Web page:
3D Printing & Children’s Heart Surgery

The genesis of OpHeart was a conversation between Anne Garcia and her daughter Ariana’s surgeon, Dr. Enrique Garcia.  Anne used 3D printing for prototyping purposes as a product developer, and wanted to 3D print a model of Ariana’s heart as a thank-you gift to Dr. Garcia, also envisioning it as a tool whereby Dr. Garcia could better explain to other parents what Transposition of the Great Arteries, Ariana’s particular CCHD, is- something she struggled with.

Anne approached Dr. Garcia in order to get her daughter’s MRI and CT scans, which were needed to print the model, and Dr. Garcia’s response would eventually lead to OpHeart.

“It would be worth a million dollars to me if I could have a model of a patient’s heart before I go into the operating room.”

The ensuing 4-hour conversation set Anne on a path of determining how to get Dr. Garcia this tool.

Operating on a Child’s Heart is Almost Unimaginable

  • A baby’s heart is the size of a walnut.
  • The heart must be stopped, drained of blood and flat in order for the surgeon to operate.
  • The bypass machine that a child must be on to perform open-heart surgery is risky and there is a finite amount of time that a child can be on it before she is at risk for multiple organ failure and brain damage.
  • Thus, surgeons are in a race against time to repair the heart.
  • Without 3D printed models, surgeons rely on 2-dimensional images in preparing for surgery, and only see a 3D version of the heart upon opening the chest.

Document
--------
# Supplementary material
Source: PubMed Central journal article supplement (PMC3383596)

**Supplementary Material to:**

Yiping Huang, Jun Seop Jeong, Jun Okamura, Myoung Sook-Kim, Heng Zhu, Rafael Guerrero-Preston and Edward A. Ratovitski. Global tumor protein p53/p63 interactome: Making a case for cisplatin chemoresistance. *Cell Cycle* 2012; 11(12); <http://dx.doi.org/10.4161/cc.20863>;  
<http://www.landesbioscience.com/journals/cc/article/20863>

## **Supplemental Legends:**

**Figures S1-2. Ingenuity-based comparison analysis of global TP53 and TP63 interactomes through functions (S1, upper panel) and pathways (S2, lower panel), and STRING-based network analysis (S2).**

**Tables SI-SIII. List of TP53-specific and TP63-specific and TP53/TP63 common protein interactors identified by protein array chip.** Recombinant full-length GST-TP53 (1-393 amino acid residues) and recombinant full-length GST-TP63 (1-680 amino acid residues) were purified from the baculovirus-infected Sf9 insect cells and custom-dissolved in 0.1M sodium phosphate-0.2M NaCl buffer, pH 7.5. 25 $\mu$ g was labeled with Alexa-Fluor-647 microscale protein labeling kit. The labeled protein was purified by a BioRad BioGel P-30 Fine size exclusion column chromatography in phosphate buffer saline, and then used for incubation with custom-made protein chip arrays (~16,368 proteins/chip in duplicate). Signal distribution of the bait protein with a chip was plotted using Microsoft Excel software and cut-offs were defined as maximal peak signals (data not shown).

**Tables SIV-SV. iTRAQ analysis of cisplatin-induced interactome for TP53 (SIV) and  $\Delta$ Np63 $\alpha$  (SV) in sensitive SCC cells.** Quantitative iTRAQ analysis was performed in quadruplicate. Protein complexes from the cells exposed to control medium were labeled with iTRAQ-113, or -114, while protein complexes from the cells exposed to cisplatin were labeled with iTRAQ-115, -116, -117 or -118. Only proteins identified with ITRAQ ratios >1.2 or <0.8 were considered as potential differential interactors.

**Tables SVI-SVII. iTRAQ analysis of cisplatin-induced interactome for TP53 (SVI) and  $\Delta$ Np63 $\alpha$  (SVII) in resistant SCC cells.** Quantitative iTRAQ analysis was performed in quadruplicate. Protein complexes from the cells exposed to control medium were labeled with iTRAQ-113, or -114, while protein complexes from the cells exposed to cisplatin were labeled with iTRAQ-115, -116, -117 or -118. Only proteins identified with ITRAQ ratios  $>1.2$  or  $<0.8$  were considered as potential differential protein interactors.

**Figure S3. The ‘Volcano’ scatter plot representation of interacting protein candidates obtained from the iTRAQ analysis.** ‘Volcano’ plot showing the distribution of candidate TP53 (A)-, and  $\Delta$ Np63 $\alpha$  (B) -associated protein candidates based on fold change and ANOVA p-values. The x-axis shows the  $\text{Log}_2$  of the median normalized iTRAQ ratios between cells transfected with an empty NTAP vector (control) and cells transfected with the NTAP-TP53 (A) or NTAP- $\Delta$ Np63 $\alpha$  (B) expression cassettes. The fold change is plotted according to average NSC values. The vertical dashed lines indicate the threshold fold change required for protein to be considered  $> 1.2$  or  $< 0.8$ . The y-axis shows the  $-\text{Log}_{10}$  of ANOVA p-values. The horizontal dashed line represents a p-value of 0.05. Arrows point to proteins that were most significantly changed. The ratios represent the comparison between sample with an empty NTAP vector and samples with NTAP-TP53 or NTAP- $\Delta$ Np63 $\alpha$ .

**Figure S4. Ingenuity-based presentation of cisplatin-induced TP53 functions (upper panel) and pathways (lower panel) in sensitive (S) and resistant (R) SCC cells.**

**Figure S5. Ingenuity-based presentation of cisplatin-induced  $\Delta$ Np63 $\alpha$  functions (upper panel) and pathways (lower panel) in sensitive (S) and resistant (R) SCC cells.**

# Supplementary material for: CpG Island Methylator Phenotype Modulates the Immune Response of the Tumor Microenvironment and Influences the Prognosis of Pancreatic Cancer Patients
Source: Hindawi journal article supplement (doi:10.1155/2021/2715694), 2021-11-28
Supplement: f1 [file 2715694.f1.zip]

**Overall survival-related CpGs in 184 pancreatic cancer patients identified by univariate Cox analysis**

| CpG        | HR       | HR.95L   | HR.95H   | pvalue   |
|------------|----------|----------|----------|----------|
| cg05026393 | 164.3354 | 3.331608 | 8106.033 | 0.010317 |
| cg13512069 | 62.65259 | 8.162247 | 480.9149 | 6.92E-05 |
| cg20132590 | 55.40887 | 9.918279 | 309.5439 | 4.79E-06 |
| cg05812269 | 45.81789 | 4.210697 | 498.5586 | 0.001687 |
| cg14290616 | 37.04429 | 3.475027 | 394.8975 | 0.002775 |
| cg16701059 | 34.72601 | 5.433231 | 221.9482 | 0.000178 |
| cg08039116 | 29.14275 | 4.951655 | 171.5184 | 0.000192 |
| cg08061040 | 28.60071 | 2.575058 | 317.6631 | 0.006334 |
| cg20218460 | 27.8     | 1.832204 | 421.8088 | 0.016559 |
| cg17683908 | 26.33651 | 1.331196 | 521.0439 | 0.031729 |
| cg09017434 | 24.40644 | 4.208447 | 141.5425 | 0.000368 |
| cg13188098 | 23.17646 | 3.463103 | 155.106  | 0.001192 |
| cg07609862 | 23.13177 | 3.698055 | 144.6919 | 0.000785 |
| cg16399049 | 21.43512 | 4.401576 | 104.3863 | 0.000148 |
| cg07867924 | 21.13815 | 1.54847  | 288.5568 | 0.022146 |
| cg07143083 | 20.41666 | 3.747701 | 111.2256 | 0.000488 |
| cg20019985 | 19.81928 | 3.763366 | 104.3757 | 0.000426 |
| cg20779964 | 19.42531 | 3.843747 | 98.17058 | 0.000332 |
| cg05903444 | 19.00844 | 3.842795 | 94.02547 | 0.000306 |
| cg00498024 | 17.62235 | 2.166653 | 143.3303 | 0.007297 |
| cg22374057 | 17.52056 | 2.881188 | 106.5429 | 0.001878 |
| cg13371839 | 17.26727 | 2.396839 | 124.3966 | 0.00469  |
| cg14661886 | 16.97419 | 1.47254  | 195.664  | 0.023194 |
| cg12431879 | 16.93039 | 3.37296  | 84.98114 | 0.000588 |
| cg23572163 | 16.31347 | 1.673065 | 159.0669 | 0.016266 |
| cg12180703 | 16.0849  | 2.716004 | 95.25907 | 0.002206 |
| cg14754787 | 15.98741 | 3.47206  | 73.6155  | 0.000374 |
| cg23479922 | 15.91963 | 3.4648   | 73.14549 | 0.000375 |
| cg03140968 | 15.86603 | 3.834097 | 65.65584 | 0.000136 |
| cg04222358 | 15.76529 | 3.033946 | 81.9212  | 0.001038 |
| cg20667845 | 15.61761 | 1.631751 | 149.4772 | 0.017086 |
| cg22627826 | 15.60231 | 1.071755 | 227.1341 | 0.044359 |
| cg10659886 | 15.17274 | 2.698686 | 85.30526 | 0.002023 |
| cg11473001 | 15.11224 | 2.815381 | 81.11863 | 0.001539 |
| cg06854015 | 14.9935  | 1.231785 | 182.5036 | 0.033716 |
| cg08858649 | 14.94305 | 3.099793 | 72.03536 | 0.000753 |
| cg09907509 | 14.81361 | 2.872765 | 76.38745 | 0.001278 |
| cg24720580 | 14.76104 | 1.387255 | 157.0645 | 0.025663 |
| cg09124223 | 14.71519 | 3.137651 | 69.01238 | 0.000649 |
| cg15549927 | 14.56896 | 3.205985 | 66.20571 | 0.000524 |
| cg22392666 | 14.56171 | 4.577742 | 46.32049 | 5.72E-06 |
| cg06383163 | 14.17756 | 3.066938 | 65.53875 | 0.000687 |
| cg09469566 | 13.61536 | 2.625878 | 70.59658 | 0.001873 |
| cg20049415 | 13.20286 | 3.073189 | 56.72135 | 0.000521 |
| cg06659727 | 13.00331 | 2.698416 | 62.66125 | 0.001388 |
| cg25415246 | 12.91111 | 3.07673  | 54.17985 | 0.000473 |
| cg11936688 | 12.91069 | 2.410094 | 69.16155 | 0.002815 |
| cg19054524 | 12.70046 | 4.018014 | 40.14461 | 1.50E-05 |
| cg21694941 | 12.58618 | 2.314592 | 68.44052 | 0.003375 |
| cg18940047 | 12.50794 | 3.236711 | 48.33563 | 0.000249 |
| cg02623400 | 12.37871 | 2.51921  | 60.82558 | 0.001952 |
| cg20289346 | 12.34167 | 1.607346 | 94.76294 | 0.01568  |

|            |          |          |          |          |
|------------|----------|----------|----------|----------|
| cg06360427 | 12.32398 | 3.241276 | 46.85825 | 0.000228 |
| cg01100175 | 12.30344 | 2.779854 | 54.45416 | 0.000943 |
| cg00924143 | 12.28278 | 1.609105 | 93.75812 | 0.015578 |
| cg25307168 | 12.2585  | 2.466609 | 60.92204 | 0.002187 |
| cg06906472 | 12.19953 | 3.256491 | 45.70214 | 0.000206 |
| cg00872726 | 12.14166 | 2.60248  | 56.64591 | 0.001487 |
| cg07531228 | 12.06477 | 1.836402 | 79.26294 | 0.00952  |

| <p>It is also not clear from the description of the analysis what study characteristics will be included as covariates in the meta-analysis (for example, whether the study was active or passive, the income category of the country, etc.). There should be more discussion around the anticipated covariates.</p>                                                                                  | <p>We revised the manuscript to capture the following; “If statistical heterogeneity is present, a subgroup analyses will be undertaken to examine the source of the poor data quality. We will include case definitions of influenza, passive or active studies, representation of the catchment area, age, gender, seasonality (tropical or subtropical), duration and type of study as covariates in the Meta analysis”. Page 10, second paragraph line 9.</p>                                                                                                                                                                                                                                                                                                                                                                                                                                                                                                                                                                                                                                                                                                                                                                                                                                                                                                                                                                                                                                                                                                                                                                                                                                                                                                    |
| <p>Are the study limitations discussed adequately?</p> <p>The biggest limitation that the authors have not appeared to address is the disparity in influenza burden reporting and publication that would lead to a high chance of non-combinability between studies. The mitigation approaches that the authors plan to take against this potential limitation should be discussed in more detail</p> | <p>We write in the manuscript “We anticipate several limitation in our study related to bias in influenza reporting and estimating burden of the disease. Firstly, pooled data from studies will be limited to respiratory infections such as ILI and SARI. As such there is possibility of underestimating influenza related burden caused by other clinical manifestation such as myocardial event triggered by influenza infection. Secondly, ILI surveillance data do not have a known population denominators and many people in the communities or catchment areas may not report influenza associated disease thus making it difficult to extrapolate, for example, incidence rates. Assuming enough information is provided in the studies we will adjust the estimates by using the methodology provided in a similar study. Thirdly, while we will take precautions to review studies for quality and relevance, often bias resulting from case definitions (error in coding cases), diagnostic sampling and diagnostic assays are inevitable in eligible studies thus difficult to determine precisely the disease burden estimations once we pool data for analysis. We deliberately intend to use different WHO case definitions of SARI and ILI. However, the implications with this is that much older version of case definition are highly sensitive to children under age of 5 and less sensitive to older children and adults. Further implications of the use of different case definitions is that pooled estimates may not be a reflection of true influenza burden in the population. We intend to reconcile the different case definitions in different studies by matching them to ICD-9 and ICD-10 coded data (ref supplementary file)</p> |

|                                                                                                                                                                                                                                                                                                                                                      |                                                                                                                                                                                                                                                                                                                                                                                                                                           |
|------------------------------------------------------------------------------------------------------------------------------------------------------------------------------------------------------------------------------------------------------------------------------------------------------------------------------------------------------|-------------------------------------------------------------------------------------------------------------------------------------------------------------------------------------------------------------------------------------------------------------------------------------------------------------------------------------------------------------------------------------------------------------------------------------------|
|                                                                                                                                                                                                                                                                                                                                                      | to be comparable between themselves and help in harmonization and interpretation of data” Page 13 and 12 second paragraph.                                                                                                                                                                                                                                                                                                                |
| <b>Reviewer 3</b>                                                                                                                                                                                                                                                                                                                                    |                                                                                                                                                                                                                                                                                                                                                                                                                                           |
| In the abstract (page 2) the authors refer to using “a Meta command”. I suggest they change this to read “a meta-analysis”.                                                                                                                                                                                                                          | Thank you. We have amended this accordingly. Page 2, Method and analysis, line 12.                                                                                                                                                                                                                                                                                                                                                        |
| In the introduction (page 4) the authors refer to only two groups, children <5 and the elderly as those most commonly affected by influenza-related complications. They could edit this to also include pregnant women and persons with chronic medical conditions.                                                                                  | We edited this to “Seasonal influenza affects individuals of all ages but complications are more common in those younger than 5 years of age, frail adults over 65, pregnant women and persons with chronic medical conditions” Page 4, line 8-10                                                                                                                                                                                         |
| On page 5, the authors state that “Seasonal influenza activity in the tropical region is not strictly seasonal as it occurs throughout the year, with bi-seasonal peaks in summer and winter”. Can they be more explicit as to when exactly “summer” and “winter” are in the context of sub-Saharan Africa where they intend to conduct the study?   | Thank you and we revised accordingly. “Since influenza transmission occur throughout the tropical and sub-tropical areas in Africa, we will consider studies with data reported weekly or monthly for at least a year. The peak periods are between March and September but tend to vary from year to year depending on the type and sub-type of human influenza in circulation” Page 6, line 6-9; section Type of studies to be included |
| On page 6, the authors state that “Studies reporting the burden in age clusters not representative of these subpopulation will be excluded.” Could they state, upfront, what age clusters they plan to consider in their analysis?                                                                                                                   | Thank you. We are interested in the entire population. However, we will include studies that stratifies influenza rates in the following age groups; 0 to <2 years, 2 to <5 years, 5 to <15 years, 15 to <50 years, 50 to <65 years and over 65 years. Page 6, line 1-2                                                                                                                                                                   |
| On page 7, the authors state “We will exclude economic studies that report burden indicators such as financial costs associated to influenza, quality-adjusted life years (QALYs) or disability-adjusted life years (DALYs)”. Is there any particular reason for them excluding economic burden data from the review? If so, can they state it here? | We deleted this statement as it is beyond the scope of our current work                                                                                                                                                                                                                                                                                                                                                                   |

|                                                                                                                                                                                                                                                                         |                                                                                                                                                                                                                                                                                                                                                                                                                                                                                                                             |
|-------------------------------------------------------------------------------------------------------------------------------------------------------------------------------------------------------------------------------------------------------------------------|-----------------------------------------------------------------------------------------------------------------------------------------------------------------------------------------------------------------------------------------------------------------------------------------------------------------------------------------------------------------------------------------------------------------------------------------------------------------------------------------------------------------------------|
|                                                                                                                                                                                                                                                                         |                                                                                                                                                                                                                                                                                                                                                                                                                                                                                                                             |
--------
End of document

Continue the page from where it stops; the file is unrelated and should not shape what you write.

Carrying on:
• Corrective surgery requires cutting, moving and sewing structures that can be as thin as a human hair.
  • Surgeons do not rely on robotics but are doing all of this with their own two hands.
  • Oftentimes, surgeons have only 1 try to attempt a particular repair- there is no possibility of undoing what has been done.

How 3D Printing Models of Patients’ Hearts Before Surgery Can Help

  • Surgeons can decide what is the best corrective treatment before they enter the OR
  • New treatment options are possible because they have time to study the intricacies of the patient’s heart and practice different options
  • Surgeons are more confident when they are in the OR
  • All members of the care team better understand a patient’s cardiopathy- from intensive care unit nurses, to the intensivists to the cardiologists, to the perfusionist, to the anesthesiologist- and this will inform their care
  • Parents can visualize their child’s heart defect and be better advocates
  • It can be used to educate and train young doctors and residents

Why These Advantages Matter

  • Optimal surgical decisions
  • Better use of time in the OR
  • Better executed surgeries
  • Less time in surgery
  • Lower risk of complications
  • Less recovery time for patients
  • Reduced probability of resurgeries or interventions
  • Lower costs to families, hospitals, insurers, and the health care system

This All Translates To

  • Healthier and happier babies and families with a better quality of life

If you would like to help get surgeons and families this tool, please consider donating here.